Page Banner

United States Department of Agriculture

Agricultural Research Service

Title: Microbiology of Commercial Shell Egg Processing

Authors
item Musgrove, Michael
item Jones, Deana
item Northcutt, Julie
item Harrison, Mark - UGA
item Cox, Nelson

Submitted to: United States-Japan Cooperative Program in Natural Resources
Publication Type: Proceedings
Publication Acceptance Date: September 19, 2004
Publication Date: November 15, 2004
Citation: Musgrove, M.T., Jones, D.R., Northcutt, J.K., Harrison, M.A., Cox Jr, N.A. 2004. Microbiology of commercial shell egg processing. United States-Japan Cooperative Program in Natural Resources. p.118-126.

Interpretive Summary: Though there is a great deal of literature about the microbiology of shell eggs, little of it describes how modern US processing conditions impact bacterial populations. As regulations are being drafted for the industry, this information can be important in determining processing steps that are critical to product safety (critical control points). Five different shell egg surface populations (aerobic, yeasts/molds, Enterobacteriaceae, E. coli, and Salmonella spp.) were monitored at twelve points along the processing line (from accumulator to packaging) at three commercial facilities. Significant reductions in population levels were observed for all aerobic, yeasts/molds, Enterobacteriaceae, and E. coli populations after eggs were processed. Washing also decreased the prevalence of each population. Salmonella were recovered from 0 ' 62 % of pooled samples in the six repetitions. These data show fluctuations in level and prevalence for each population but demonstrate that current commercial practices decrease microbial contamination of egg shell surfaces.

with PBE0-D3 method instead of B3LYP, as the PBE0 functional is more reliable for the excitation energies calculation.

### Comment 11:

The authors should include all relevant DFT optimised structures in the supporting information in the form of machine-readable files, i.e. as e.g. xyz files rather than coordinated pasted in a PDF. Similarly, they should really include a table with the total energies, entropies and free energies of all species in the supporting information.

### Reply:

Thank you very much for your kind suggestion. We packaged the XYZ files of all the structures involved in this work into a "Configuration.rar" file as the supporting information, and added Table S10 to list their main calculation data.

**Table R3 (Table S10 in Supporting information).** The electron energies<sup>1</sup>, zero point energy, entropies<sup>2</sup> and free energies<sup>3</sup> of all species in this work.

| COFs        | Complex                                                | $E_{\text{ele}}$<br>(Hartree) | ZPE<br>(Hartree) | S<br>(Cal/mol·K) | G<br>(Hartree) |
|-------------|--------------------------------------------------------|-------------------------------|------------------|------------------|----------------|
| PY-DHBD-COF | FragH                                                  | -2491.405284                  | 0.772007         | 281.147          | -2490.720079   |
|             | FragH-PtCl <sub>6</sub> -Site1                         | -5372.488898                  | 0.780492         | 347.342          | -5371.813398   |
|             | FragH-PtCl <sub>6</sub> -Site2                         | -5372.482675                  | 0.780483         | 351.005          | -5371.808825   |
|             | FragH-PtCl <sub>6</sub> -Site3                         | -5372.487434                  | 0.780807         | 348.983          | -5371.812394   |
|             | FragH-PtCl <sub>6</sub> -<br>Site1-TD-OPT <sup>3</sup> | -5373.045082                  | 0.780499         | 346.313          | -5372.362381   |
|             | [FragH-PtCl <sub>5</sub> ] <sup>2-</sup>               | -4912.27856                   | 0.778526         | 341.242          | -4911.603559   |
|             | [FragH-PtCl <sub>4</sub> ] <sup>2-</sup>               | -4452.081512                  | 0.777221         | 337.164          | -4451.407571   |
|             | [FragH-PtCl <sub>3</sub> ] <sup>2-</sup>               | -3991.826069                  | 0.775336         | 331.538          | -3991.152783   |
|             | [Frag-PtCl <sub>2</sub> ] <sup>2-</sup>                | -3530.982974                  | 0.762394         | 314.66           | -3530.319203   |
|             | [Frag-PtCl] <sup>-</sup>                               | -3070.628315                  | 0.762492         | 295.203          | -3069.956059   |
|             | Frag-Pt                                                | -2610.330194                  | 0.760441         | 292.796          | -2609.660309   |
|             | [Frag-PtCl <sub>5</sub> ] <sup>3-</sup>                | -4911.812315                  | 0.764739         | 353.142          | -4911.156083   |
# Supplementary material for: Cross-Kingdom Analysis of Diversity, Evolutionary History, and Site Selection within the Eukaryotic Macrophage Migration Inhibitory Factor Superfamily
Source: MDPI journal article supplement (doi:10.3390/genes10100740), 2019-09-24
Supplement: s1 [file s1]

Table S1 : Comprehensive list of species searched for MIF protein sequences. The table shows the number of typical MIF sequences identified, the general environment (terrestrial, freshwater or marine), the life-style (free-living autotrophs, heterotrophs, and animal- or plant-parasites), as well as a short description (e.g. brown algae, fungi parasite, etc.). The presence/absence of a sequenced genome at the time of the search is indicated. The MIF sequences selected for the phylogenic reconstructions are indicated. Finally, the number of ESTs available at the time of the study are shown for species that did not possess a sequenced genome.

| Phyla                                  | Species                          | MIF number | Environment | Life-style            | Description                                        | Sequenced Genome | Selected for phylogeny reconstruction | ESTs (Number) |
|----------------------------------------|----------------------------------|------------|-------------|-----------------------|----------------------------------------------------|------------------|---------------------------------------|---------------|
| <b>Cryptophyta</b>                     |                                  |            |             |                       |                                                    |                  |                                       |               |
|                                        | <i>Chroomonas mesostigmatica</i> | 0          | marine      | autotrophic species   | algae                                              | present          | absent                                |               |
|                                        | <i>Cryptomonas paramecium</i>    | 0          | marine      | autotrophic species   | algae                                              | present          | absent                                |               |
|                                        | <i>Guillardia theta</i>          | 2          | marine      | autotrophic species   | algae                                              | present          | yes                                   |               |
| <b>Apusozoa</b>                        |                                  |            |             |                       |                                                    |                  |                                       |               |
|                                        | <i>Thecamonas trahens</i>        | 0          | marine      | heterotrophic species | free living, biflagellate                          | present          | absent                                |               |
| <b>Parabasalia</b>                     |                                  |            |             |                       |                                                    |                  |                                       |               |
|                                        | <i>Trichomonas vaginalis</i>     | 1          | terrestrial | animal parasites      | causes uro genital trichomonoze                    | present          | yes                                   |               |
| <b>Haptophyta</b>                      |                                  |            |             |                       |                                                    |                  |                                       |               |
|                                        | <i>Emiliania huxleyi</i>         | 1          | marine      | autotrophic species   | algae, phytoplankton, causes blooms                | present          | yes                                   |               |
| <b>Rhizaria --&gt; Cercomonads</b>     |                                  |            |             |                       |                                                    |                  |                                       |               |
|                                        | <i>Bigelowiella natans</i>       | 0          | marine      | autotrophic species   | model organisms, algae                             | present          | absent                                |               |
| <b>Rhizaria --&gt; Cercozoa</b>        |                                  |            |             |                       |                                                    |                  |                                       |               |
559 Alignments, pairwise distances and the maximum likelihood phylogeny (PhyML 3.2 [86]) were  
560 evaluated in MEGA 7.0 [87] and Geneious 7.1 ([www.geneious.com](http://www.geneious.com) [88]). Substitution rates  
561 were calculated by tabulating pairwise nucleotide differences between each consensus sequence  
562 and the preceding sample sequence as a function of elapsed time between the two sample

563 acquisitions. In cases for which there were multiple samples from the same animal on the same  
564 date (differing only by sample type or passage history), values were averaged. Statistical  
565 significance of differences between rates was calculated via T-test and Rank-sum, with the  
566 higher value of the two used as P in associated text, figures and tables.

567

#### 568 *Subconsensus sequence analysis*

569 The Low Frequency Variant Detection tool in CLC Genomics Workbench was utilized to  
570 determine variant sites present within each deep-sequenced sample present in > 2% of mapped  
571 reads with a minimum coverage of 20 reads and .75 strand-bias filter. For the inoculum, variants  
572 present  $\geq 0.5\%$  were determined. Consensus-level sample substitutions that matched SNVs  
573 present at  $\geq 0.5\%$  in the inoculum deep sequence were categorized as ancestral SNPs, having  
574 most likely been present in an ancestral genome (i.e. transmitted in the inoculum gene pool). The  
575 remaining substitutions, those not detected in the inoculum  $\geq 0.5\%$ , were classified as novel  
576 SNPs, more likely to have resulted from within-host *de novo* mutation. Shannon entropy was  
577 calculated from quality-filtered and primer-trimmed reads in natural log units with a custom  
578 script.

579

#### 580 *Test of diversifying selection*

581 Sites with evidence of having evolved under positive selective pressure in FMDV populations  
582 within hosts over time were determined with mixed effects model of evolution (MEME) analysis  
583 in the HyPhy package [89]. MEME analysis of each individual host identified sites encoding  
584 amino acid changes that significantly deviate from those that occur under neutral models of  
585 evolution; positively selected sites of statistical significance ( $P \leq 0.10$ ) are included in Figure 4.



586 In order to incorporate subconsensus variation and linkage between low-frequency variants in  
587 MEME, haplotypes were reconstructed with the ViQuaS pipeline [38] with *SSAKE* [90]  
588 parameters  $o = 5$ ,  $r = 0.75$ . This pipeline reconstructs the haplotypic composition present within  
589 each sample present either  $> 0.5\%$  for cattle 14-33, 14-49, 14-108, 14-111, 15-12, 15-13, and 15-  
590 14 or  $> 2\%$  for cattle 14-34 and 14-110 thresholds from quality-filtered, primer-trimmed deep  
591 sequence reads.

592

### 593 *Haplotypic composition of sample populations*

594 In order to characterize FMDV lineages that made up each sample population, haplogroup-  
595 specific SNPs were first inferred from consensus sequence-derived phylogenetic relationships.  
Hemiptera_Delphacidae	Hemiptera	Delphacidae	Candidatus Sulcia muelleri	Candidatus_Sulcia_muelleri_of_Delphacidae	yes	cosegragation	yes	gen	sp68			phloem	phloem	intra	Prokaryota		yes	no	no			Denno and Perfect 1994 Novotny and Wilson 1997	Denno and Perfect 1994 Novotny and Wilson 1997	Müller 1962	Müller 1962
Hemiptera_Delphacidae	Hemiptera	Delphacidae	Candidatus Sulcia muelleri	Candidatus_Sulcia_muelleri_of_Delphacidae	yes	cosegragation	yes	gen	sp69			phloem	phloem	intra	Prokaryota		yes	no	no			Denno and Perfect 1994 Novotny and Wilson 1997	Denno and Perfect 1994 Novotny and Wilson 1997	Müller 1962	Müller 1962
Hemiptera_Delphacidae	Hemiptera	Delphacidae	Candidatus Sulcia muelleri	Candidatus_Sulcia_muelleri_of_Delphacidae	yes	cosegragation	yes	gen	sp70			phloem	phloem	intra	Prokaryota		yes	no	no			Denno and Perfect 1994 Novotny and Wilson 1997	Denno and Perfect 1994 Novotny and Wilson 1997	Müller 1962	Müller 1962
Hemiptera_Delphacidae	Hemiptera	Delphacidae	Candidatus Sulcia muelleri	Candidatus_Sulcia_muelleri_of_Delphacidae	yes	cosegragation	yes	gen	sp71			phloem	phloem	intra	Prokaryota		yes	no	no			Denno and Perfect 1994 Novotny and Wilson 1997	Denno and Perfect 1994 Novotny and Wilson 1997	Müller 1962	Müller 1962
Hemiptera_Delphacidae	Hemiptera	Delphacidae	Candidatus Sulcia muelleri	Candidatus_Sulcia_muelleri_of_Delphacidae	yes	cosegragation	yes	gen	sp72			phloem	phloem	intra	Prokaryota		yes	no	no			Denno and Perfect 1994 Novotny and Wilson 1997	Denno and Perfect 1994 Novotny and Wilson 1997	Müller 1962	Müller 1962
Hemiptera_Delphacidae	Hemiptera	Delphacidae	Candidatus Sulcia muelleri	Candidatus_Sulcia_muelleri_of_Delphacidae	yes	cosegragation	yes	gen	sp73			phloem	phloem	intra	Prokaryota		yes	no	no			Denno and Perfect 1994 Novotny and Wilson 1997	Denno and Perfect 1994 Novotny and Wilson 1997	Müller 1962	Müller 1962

Technical Abstract: Though there is a great deal of literature about the microbiology of shell eggs, little of it describes how modern US processing conditions impact bacterial populations. As regulations are being drafted for the industry, this information can be important in determining processing steps that are critical to product safety (critical control points). Five different shell egg surface populations (aerobic, yeasts/molds, Enterobacteriaceae, E. coli, and Salmonella spp.) were monitored at twelve points along the processing line (from accumulator to packaging) at three commercial facilities. Significant reductions in population levels were observed for all aerobic, yeasts/molds, Enterobacteriaceae, and E. coli populations after eggs were processed. Washing also decreased the prevalence of each population. Salmonella were recovered from 0 ' 62 % of pooled samples in the six repetitions. These data show fluctuations in level and prevalence for each population but demonstrate that current commercial practices decrease microbial contamination of egg shell surfaces.

Last Modified: 10/25/2014
Footer Content Back to Top of Page